History of American Medicine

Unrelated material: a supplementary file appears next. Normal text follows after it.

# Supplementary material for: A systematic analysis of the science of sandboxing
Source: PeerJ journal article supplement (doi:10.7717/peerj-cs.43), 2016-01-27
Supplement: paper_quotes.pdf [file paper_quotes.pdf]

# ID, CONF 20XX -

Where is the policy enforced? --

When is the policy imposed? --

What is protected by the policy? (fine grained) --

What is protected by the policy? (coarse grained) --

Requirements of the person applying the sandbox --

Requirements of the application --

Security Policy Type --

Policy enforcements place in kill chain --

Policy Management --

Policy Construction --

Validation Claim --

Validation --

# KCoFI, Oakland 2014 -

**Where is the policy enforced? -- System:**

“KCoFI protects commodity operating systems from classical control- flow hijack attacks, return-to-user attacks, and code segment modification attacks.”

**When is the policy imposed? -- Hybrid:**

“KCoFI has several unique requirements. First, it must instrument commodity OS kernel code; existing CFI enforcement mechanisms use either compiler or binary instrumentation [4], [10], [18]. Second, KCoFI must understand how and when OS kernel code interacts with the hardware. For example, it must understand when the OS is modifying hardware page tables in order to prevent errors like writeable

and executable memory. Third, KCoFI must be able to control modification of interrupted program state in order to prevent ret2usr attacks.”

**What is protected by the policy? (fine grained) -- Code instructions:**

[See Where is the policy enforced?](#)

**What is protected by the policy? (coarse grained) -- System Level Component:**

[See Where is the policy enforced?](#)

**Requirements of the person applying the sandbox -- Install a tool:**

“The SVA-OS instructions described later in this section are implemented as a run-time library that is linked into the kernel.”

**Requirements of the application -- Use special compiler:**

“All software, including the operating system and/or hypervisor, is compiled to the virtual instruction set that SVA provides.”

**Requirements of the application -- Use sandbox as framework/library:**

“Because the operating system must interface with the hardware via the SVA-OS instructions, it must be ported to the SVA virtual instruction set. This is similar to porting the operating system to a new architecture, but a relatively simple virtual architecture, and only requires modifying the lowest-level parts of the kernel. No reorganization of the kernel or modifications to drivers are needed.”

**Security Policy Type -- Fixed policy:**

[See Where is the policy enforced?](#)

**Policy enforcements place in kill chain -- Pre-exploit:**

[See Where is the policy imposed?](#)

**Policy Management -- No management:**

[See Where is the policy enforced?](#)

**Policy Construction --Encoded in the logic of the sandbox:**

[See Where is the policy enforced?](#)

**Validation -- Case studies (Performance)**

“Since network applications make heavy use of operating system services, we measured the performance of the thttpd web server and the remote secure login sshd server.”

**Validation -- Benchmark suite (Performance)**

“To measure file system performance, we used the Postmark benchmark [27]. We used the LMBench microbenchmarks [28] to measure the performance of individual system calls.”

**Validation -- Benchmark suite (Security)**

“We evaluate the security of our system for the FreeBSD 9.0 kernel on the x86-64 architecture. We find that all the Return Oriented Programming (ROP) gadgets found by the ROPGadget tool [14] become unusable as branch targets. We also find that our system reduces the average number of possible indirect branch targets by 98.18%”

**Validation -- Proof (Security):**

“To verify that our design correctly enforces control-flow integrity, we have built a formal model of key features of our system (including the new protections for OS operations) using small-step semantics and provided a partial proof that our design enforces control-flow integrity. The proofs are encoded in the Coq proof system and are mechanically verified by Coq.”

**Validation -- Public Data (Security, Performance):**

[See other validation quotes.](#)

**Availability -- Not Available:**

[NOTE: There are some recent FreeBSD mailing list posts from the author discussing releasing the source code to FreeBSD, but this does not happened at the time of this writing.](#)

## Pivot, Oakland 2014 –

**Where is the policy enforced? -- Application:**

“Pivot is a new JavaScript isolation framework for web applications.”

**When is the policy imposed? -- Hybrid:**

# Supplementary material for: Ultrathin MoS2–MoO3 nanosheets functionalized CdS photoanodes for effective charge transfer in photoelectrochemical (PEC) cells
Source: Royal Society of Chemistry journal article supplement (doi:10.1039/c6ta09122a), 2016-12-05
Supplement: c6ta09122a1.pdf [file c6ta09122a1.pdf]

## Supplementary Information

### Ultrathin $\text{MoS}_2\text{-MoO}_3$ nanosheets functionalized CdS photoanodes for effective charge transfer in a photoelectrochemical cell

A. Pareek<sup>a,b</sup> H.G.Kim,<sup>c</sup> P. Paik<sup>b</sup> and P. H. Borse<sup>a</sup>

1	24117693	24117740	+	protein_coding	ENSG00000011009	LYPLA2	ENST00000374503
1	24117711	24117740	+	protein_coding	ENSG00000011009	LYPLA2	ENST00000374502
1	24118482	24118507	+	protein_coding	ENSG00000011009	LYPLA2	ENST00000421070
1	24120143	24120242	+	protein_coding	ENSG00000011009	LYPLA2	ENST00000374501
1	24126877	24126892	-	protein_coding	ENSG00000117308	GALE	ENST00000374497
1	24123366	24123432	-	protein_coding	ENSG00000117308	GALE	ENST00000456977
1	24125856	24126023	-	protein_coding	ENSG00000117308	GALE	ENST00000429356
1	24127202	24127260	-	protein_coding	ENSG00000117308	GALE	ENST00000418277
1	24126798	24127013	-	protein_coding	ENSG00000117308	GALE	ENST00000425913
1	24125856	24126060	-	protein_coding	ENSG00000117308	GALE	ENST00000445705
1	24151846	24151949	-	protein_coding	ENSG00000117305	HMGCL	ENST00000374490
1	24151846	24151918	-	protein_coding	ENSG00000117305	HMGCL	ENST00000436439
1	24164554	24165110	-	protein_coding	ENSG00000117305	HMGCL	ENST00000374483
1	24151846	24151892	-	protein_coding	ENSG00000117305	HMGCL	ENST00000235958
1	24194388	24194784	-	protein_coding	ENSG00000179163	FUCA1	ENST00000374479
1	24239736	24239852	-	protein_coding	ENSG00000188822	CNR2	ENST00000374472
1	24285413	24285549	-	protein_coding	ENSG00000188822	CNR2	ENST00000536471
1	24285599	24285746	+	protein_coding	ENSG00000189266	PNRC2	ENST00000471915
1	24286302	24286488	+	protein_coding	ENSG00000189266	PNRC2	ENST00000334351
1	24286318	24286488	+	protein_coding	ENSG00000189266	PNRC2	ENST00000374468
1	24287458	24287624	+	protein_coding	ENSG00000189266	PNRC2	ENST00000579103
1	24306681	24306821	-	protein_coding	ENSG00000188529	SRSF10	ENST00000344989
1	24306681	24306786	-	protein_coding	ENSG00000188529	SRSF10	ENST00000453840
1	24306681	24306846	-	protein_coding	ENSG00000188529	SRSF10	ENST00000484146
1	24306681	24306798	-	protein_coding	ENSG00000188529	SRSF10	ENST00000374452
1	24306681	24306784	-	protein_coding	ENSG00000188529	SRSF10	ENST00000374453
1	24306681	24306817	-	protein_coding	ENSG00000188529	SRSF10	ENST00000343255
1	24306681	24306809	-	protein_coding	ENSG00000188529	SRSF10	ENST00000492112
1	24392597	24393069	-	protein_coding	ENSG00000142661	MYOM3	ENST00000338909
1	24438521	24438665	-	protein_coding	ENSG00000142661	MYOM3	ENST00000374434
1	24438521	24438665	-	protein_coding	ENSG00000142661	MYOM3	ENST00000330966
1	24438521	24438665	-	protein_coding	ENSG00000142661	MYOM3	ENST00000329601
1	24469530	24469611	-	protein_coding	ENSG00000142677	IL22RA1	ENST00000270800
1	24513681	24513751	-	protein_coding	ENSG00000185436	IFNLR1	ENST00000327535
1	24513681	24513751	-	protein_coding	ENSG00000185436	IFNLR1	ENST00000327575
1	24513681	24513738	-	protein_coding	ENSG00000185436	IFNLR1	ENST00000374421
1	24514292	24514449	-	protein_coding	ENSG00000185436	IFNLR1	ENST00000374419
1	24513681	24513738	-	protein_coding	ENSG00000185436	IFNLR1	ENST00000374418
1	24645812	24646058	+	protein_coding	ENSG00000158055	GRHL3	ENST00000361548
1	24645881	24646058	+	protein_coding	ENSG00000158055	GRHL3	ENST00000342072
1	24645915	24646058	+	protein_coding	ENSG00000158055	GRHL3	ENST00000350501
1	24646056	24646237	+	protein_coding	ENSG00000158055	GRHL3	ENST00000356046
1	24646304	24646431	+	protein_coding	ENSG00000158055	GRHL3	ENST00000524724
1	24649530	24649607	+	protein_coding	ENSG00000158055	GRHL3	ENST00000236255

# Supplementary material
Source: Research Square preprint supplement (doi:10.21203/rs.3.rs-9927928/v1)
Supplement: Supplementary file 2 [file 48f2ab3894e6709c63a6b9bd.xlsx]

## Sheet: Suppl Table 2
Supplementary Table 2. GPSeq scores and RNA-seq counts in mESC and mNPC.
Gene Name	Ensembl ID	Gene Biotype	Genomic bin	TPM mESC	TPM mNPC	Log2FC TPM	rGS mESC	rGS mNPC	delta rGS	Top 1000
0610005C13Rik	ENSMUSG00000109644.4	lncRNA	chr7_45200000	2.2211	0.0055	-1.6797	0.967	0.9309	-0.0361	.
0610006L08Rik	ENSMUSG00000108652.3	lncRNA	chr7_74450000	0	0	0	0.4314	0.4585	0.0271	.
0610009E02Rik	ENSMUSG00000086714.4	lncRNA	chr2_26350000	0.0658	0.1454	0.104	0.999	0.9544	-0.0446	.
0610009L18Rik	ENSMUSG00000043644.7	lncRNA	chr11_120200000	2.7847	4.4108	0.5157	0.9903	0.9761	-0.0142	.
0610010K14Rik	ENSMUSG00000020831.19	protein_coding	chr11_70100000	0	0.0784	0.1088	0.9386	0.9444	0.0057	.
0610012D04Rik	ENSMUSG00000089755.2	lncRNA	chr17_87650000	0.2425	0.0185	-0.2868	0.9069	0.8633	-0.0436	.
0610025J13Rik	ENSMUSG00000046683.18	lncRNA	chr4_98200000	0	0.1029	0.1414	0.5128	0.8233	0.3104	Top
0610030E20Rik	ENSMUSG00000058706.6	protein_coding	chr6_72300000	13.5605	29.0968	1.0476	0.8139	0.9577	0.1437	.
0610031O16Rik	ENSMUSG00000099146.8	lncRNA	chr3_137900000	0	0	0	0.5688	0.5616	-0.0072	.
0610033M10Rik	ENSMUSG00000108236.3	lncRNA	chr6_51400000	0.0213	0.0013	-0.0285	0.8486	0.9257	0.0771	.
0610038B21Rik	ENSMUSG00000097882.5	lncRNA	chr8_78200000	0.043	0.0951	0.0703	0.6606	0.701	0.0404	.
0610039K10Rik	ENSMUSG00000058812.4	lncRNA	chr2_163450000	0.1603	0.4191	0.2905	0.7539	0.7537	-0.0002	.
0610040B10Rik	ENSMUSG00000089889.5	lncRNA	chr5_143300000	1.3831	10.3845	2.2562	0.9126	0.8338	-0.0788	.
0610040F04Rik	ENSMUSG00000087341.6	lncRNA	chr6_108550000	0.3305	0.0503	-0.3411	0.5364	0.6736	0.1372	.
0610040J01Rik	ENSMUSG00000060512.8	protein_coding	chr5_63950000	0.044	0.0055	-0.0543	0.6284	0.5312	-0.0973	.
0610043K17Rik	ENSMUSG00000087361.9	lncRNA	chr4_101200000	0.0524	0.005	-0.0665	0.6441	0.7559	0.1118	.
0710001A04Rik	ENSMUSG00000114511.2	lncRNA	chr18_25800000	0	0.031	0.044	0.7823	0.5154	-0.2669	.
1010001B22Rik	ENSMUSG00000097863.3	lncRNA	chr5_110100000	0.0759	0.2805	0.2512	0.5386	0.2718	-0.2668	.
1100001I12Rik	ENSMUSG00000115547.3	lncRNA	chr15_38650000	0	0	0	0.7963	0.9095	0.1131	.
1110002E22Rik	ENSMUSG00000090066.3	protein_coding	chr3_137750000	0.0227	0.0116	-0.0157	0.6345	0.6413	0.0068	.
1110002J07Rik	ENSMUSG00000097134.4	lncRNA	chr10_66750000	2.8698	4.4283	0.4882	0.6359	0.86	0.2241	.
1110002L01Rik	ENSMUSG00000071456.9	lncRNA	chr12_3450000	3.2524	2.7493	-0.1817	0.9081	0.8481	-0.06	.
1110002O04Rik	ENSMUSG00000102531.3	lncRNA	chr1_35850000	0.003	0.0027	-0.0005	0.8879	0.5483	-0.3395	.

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History of American Medicine Final Paper PART I(a) With the creation of Medicare in 1966 in order to expand access for the elderly to the American healthcare system, the ways in which medicine and its corresponding industries were conducted were irrevocably changed. Prior to its inception, only 65% of people over 65 actually had proper health insurance, as the elderly paid three times as much for healthcare as young people (Stevens, 1998). The private medical sector had much more control over who they would treat, how much they would charge, and more; the passing of Medicare freed up the elderly to have reasonable access to healthcare as a consequence of a lifetime of paying into the system. The way Medicare was originally organized, the concerns of physicians and their prerogatives were kept largely in mind. The federal government allowed physicians to remain autonomous in terms of how they ran their organization, and no state doctors were hired to provide competition. The purpose of Medicare was simply to offer a greater base of people the ability to benefit from health care and proper treatments for their conditions, thus offering physicians no competition from a rigid state system. Doctors could practice as they always did, but merely had a higher base of patients they could work on, their operations and procedures being paid for through government subsidies and Medicare. Medicare imposed much more change on an administrative level than a direct influence on the doctor’s practice, making their work relatively unchanged. Physicians were able to see as many elderly patients as they wanted without the fear of impoverishing them, and making sure that they themselves were also paid (Stevens 1998, p. 451). Another way in whi... ... middle of paper ... ...The solution for them is not to work around the clock for a cure by any means necessary (as in Seattle), but just to wall up the poor districts of the city and hope the sick die off. The lack of preventative or even active care in the treatment of the outbreak in Brownsville reveals a great deal about the way we frame disease as it relates to social class and race. Rich whites presume they are cleaner than poor minorities, and vice versa, which translates into the differences in the levels of response both outbreaks receive. By understanding this framing, we gain a better understanding of our reactions to disease and the assumptions we make about the people who contract them. References Stevens, R. (1998). Medicare: Triumph of the public voice. In American Medicine and the Public Interest: A History of Specialization. University of California Press.
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